This installment: Chabon’s latest; a British novel about getting and spending; another one about economic excesses and collapses; and a historical novel based in California citrus groves with a touch of voodoo.
Telegraph Avenue by Michael Chabon
The prophetically named Brokeland record store is limping along, now under threat by a proposed Dogpile megastore that also features vinyl albums and is very well capitalized. Partners Archy (black) and Nat (white) have conflicts. Their wives, Gwen (black) and Aviva (white) have a midwifery partnership, also under stress. Gwen is pregnant, Archy likes the ladies, and a surprise 14 year old son appears. A recipe for lots of action, emotion, and turns of fortune. Colorful characters, lively locations, jazzy, profane language and great send ups of Bay area pretensions. A treat.
Capital by John Lanchester
On Pepys Rd. in London, weird, anonymous notices arrive: we want what you have. At first it's just annoying, then the campaign escalates. We gradually get to know the neighbors: an old lady, an upwardly mobile family, Pakistani shopkeepers, and others connected to them, and each story plays out and intersects. Everyone has a different relationship to getting and spending. Terrorism, anti-Muslim sentiments, and the bank collapses of '08 all play a part. Quite a mix of satire, social commentary, and compassion (for those who deserve it). I couldn't stop reading until I found out who did what and who ended up where. Very compelling.
What the Nanny Saw by Fiona Neill
Another witty send up of the 2008 financial meltdown, based in England. (I'd just read Lanchester's Capital two days ago, which deals with the same material.) Here we have bright, literate, but provincial Ali, the nanny who saw, working for the very successful Skinner family. Her charges: twin 5 year old boys, charming and eccentric, troubled 14 year old Izzie, handsome almost 18 year old Jake. The parents are very busy and essentially absent. Ali does what she can with those long lists of requirements versus. the actual needs of the kids. There are lots of near misses but the clueless parents are well pleased with her and she's having an amazing time surrounded by the giddy absurdities of excess. It all comes tumbling down fast as banker husband Nick is accused of insider trading, wife Bryony is implicated, the bank folds, and the journalist sharks gather outside the manse. Very entertaining and nice use of shadow material, like Ali's drug addicted sister and the fraught histories of her fellow nannies from Eastern Europe. It would make a good movie.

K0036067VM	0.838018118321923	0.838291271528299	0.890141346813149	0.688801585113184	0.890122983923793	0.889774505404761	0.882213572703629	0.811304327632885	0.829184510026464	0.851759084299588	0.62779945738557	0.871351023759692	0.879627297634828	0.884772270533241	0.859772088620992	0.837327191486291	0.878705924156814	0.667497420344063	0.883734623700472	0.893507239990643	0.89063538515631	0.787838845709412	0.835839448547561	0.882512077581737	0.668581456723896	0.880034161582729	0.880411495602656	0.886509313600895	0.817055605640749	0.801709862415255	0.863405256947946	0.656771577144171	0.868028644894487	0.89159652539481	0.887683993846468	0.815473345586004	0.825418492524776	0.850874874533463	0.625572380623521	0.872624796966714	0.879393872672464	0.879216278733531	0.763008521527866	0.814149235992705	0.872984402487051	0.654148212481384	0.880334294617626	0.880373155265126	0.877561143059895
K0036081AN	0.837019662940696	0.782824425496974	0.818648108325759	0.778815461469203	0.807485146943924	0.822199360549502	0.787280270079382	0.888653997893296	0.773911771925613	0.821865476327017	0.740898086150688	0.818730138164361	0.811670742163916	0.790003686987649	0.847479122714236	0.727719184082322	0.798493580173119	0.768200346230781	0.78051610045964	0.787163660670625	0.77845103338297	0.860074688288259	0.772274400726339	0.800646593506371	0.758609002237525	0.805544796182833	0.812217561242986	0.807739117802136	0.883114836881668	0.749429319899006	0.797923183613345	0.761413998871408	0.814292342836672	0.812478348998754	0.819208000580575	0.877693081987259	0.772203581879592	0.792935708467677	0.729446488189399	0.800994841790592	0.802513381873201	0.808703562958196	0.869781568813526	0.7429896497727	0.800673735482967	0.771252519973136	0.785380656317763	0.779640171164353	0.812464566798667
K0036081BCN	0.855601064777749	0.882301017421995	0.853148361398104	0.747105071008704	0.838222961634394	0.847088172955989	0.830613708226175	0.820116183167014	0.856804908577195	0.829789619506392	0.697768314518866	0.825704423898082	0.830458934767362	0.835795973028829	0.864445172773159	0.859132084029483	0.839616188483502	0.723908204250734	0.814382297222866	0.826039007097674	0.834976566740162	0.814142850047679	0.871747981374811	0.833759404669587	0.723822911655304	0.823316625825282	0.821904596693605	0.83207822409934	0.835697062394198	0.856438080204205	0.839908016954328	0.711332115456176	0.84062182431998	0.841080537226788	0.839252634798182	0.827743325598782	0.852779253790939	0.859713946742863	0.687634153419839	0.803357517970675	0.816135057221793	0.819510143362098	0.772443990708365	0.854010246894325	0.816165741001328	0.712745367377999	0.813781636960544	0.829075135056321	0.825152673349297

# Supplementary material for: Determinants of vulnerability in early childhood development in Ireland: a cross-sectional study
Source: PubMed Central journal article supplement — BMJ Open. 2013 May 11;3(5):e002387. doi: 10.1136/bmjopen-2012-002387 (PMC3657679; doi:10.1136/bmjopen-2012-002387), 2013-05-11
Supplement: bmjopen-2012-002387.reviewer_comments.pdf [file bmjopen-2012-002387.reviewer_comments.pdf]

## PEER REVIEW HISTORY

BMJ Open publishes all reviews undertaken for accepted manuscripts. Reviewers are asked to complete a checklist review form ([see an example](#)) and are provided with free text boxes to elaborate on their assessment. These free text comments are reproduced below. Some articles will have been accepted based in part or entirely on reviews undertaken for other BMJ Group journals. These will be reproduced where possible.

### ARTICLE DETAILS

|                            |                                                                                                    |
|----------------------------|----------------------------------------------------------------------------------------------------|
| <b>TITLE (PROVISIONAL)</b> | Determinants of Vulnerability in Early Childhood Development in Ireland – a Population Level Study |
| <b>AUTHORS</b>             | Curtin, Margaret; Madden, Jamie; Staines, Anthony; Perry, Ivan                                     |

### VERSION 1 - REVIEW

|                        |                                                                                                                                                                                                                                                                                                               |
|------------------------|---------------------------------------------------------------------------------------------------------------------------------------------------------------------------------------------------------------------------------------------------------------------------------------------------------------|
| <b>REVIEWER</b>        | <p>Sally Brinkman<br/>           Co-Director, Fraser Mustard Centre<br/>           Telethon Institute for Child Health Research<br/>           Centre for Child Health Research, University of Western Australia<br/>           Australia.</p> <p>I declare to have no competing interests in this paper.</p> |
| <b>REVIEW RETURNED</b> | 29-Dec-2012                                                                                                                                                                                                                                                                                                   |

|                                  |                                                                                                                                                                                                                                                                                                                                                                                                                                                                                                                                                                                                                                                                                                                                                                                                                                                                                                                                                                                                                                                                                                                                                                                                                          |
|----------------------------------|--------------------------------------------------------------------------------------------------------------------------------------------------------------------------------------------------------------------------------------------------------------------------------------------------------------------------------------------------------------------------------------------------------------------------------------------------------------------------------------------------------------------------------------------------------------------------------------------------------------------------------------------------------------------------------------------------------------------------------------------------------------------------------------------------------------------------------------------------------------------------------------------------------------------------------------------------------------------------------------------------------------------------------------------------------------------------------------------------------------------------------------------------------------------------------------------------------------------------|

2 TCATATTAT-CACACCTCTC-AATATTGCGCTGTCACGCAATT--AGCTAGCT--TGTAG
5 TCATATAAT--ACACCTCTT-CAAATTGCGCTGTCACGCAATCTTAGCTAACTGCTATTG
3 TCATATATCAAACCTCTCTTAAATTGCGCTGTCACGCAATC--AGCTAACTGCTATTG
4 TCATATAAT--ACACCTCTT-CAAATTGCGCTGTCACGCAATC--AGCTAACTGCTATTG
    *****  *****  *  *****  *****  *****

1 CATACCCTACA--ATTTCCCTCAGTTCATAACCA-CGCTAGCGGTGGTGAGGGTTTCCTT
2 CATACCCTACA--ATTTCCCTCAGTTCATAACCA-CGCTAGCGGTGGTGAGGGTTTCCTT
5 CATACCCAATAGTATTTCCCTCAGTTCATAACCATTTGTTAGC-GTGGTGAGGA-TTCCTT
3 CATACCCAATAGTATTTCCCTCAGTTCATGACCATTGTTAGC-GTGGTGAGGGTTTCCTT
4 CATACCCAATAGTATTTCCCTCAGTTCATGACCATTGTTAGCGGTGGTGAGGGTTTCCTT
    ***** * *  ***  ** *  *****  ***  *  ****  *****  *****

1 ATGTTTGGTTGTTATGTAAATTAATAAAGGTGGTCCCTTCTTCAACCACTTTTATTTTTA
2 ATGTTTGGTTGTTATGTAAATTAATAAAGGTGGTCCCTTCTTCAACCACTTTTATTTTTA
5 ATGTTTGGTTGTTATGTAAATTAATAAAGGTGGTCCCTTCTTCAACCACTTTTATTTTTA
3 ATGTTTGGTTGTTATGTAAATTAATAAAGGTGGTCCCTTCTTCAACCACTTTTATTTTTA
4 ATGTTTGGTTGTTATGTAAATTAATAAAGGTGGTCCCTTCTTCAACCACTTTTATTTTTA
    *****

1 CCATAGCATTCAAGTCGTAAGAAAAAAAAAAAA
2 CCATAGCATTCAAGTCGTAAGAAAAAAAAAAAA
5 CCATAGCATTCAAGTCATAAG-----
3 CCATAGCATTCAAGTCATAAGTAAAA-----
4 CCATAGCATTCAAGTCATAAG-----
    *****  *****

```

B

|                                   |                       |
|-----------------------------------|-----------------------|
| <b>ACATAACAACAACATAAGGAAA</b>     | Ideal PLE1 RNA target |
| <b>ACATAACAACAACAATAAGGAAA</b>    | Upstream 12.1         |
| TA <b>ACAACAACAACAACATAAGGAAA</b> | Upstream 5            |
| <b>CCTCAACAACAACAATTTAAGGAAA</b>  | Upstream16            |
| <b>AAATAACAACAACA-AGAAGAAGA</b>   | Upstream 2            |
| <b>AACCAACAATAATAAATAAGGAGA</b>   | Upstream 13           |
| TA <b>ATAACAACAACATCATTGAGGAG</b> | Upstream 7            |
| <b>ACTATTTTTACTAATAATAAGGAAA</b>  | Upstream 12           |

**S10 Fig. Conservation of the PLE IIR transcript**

The Forgetting Tree by Tatjana Soli
When Claire marries Foster, she arrives at his citrus ranch in California with trunks full of books but no background in agriculture. Surprisingly, she takes to the land and becomes a deeply engaged participant in its future. A terrible trauma and the threat of insolvency destroy the marriage but Claire hangs in there over the years, helped by faithful Octavio whose family worked the property for generations. Claire gets cancer and needs care. Mysterious, attractive Minna shows up, casually recruited by one of Claire's daughters. Thus begins a fever dream of illness, intensity, voodoo, dissolution, and isolation. This book is full of fascinating material but I had to suspend disbelief often to continue reading. It was worth it for the milieu and the compelling weirdness.
Back next Monday